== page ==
Safety: The cheese stands alone

  • Published
  • By Maj. Sam Manno
  • 908th Safety Office
When an accident occurs, our job in Safety is to get to the root cause, determine the "why", and help implement smart solutions to prevent a reoccurrence. A well-known model used to do this is the "Swiss Cheese" model.

Renowned psychologist James Reason developed this accident causation model to demonstrate how most accidents can be traced to four levels of failure: Organizational Factors; Unsafe supervision; Preconditions; and Unsafe acts.

In the "Swiss Cheese" model, the four levels to prevent accidents are modeled as a series of layers, like slices of Swiss cheese. Each slice is an opportunity to stop an error. The holes in each slice represent weaknesses or failures in each layer of the system. When the holes align, all layers are defeated and the result is an accident or incident.

Unsafe Acts
Working backwards in time from the accident or incident, the first layer depicts those "unsafe acts" that ultimately led to the mishap. This level generates the most investigation, and it is the level where most causal factors are uncovered. After all, it is typically the actions or lack of appropriate actions that are directly linked to the accident.

Latent conditions
What makes the "Swiss cheese" model particularly useful in investigating accidents is that it forces investigators to address latent failures within the causal sequence of events. The latent failures are also "holes," but in different slices of cheese. Latent failures, unlike their active counterparts, may lie dormant or undetected for days, months, years or longer, until one day they adversely affect the unsuspecting person or crew.

Within this concept of latent failures, Reason described three levels of human failure described below.

Preconditions for Unsafe Acts
This level involves conditions such as mental fatigue, poor communication and coordination practices, and frequent interruptions. As an example, if a fatigued member fails to communicate and coordinate their activities, poor decisions are made and errors often result.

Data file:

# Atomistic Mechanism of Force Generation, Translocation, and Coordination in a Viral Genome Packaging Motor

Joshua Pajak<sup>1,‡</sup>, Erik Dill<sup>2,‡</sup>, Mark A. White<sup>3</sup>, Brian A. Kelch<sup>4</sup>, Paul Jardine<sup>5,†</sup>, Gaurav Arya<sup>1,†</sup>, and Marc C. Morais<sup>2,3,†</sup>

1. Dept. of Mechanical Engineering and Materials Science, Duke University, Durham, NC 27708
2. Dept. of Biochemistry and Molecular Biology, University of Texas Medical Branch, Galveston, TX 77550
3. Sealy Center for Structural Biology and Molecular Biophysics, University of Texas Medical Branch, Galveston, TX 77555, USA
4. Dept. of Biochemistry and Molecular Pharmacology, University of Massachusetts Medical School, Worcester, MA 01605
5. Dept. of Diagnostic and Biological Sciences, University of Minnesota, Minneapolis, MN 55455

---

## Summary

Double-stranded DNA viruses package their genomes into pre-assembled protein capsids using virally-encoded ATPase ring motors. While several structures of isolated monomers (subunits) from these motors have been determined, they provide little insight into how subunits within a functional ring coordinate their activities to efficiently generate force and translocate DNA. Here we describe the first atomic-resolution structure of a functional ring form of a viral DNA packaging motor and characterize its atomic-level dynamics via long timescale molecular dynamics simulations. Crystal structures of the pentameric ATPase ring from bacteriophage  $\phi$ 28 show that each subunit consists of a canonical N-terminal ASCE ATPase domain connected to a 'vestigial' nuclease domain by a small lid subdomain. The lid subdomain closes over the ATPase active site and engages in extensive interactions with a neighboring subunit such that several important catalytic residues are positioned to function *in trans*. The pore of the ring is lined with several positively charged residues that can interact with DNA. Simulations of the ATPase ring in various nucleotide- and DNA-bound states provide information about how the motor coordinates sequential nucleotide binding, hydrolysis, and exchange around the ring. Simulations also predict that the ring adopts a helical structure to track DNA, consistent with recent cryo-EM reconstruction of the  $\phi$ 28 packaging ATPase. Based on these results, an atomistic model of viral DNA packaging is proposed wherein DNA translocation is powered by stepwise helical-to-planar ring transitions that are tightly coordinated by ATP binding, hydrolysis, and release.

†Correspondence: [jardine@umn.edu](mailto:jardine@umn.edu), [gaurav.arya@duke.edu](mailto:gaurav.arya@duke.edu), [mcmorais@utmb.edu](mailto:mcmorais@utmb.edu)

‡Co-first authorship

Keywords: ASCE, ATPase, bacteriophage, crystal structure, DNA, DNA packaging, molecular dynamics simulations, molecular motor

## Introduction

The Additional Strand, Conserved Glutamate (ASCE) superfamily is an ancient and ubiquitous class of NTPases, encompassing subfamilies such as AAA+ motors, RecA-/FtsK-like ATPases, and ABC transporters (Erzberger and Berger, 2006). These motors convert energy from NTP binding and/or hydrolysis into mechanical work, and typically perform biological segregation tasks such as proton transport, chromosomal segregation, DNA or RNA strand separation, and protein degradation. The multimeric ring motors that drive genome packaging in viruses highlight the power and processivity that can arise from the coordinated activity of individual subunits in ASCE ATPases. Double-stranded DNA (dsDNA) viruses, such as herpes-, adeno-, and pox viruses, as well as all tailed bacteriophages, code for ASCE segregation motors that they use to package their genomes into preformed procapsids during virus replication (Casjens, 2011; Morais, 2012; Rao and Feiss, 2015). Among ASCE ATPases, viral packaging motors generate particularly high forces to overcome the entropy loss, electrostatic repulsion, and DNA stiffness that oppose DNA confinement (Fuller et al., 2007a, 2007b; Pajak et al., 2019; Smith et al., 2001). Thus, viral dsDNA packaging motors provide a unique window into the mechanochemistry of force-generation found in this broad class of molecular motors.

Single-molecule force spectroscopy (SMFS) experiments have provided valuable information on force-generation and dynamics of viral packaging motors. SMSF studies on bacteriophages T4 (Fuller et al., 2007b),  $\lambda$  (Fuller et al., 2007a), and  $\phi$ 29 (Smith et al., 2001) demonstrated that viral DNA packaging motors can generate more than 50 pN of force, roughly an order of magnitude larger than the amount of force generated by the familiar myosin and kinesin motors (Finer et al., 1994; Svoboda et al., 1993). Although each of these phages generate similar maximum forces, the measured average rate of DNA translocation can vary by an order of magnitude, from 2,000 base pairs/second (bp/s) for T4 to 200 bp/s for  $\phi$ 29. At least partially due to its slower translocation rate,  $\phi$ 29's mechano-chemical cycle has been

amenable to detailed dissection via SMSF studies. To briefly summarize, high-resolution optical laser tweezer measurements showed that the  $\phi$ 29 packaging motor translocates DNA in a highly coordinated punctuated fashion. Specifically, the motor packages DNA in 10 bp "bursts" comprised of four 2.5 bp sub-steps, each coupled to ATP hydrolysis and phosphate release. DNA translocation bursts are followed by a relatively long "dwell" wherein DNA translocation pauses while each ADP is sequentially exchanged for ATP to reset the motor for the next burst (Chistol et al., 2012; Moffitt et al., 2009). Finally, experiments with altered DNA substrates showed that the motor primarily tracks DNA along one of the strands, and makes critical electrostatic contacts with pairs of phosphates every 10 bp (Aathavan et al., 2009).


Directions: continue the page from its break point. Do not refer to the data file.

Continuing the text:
Unsafe Supervision
In many instances, the breakdown in good practices can be traced back to instances of unsafe supervision. Errors from lack of sufficient supervision are prone to happen. The lack of quality assurance, support systems, training and availability of qualified personnel can increase the potential for more errors. In a sense, these members were "set up" for failure.

Organizational Factors
In Reason's Model, fallible decisions of upper-level management directly effect supervisory practices, as well as the conditions and actions of their personnel. These latent conditions generally involve issues related to resource and acquisition management, organizational climate, and organizational processes.

Examples of these can include acquisition policies & design practices, unit culture, unit deactivation (or the threat of unit deactivation), organizational training issues, and program management/oversight.

Ultimately, causal factors at all levels must be addressed if any prevention system is going to succeed. One needs to know what these system failures or "holes" are so that they can be detected and corrected before an accident occurs.

Understanding and correcting latent failures is critical in conserving our war fighting capability and protecting our airmen.